Forensic interviewers’ experiences of interviewing children of different ages

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Increased knowledge about practitioners’ experiences of conducting forensic child interviews may provide valuable insights into the perceived challenges they encounter when questioning children. This mixed-methods study examined Swedish practitioners’ views on different interviewing components (ground rules, rapport building, practice narratives, question types), props, strategies for adapting their methods for preschool-aged children, and perceptions of challenges interviewing children of differing ages. Eighty-eight specialized forensic child interviewers responded to a national survey. The data was analyzed using quantitative and qualitative approaches. Attitudes regarding different interviewing components were mainly in line with current research recommendations. Prop use was primarily limited to drawings, photographs, and stress-reduction tools. A variety of strategies were used to adapt the existing protocol for questioning young children, indicating a potential need for additional standardized guidelines for this age group. Furthermore, the perceived barriers for children to disclose and the demands placed on the interviewer varied across age groups. Since all children should have the right to be questioned with age appropriate methods, we need to continue to develop ways of adapting practitioners’ interviewing strategies to match children’s developmental levels. To reach this aim, researchers may benefit from taking into account the concerns raised by forensic child interviewers.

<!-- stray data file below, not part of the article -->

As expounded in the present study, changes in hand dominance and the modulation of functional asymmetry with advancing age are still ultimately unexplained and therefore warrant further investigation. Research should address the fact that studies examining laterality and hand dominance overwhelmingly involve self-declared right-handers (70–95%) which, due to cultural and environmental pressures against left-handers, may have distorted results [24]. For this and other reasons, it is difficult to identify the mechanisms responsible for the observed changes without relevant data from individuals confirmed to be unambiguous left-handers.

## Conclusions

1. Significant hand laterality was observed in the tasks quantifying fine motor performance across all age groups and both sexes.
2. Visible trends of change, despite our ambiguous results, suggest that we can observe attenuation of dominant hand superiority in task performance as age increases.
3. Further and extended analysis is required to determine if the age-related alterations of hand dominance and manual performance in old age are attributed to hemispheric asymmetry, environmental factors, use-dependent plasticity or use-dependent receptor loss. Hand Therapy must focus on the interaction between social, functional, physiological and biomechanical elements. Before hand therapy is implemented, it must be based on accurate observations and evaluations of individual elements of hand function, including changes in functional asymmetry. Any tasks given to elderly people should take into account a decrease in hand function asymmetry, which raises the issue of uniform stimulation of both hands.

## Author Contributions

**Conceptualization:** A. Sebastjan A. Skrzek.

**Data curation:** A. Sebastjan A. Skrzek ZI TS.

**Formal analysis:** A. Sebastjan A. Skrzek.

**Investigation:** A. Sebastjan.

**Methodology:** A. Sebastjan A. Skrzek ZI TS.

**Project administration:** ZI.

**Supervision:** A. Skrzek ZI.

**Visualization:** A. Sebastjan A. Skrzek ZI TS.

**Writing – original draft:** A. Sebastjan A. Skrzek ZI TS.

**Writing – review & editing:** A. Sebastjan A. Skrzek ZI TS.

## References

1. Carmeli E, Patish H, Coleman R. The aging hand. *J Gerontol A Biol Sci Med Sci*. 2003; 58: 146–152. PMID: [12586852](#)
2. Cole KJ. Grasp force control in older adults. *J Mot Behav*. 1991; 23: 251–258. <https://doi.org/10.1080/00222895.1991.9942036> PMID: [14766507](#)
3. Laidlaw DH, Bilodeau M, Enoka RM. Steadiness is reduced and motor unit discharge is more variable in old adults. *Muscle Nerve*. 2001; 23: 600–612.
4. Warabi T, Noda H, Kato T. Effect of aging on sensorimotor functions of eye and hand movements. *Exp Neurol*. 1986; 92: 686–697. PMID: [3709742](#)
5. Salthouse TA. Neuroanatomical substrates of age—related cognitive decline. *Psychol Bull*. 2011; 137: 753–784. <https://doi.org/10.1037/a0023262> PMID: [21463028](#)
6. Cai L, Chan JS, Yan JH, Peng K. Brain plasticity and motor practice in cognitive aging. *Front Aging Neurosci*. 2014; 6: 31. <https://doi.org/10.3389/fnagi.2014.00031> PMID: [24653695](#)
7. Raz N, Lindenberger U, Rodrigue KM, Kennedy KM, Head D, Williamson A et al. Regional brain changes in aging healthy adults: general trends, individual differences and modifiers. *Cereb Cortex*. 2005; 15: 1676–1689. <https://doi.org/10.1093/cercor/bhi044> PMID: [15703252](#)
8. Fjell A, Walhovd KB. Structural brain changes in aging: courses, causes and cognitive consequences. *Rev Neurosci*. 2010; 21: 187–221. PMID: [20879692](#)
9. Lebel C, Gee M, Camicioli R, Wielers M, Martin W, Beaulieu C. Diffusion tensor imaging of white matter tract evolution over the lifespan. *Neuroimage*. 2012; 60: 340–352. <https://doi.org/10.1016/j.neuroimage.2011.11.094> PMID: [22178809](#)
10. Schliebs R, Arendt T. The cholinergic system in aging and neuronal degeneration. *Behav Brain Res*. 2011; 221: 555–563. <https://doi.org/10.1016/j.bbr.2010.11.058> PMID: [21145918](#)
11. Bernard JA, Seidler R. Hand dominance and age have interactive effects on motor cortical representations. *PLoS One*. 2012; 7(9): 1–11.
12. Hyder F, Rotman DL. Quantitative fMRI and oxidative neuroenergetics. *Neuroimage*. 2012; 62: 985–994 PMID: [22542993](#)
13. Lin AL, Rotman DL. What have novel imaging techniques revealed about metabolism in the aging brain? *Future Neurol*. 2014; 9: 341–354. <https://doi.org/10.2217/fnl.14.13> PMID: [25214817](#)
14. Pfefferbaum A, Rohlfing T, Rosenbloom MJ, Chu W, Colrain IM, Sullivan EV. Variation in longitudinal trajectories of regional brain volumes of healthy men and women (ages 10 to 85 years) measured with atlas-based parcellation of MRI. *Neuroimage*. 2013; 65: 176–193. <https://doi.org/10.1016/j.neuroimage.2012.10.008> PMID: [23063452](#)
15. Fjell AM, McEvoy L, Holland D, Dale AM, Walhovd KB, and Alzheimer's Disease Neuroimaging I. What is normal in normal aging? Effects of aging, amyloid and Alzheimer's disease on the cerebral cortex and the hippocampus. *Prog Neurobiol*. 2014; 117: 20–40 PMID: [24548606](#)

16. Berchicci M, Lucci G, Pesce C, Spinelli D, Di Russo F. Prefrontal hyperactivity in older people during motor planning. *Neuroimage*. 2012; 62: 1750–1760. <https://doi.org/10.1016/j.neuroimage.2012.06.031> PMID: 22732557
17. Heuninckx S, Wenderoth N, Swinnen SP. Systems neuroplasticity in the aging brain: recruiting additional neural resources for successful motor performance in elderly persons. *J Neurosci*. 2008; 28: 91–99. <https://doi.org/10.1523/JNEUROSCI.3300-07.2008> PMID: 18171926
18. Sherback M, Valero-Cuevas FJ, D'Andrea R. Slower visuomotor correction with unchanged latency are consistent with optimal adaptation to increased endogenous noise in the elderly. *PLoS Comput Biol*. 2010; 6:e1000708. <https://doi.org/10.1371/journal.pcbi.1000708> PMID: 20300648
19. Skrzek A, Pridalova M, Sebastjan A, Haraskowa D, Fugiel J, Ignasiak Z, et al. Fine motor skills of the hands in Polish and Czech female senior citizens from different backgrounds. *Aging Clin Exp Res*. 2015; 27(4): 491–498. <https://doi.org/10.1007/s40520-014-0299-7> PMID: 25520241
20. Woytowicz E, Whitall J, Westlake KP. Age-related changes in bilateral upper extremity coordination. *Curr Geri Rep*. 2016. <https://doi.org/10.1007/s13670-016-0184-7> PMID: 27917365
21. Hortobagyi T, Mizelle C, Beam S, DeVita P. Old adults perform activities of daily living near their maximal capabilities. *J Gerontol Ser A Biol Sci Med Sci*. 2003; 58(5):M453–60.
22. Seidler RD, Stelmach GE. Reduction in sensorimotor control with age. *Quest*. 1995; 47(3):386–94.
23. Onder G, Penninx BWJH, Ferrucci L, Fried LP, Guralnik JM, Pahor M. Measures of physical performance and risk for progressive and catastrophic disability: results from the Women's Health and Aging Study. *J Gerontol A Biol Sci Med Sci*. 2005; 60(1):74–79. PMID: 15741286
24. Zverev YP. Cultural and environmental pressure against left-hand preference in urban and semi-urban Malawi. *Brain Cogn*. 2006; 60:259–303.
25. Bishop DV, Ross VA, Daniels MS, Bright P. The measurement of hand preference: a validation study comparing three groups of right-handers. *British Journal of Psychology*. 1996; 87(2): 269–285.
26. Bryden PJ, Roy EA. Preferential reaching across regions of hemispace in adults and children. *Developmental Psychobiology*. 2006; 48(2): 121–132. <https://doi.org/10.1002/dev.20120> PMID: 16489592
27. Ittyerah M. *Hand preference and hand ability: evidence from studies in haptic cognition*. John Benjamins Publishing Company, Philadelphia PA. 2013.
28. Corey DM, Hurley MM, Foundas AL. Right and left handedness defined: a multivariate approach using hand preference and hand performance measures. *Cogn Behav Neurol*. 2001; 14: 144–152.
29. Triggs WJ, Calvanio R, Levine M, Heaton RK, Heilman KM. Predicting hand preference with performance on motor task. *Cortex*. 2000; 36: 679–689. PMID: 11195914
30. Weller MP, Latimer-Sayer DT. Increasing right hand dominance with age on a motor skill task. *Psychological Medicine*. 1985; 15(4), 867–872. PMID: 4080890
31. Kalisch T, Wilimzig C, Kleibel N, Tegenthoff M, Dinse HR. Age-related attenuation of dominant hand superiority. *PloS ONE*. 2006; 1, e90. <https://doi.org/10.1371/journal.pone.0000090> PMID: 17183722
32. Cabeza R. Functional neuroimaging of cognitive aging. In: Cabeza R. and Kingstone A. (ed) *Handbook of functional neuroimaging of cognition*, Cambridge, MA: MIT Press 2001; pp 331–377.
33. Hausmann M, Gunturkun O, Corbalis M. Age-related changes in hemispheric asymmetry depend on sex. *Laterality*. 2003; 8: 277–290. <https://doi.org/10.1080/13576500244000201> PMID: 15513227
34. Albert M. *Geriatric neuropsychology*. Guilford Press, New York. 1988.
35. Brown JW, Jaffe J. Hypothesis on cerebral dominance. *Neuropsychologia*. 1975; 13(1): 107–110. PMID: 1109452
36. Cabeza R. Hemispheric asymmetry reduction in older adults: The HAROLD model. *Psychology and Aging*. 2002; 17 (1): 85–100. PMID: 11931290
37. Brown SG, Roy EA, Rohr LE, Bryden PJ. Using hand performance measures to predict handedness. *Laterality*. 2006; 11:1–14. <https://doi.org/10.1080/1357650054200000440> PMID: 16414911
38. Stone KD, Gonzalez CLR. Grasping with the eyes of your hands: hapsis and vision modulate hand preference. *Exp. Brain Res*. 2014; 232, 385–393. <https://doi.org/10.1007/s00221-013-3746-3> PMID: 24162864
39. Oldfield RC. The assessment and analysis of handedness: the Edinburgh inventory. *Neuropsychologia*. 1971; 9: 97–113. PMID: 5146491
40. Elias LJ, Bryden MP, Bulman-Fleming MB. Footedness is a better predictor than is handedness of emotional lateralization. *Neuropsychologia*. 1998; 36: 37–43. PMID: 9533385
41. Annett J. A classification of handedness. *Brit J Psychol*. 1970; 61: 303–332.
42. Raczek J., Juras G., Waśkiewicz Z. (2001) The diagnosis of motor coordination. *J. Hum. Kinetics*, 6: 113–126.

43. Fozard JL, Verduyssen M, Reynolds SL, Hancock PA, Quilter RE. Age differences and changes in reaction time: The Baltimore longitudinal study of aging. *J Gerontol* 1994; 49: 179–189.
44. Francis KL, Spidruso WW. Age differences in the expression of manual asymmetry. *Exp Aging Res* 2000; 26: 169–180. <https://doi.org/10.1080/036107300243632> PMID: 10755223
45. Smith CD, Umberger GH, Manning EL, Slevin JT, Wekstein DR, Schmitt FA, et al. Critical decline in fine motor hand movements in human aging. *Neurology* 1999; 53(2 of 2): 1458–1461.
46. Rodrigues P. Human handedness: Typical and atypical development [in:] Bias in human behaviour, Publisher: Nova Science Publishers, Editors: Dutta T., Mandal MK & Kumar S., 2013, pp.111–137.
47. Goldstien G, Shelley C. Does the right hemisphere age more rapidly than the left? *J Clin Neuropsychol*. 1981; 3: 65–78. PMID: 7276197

Magnusson, M., Ernberg, E., Landström, S., & Akehurst, L. (2020). Forensic interviewers’ experiences of interviewing children of different ages. Psychology, Crime and Law, 26(10), 967–989.

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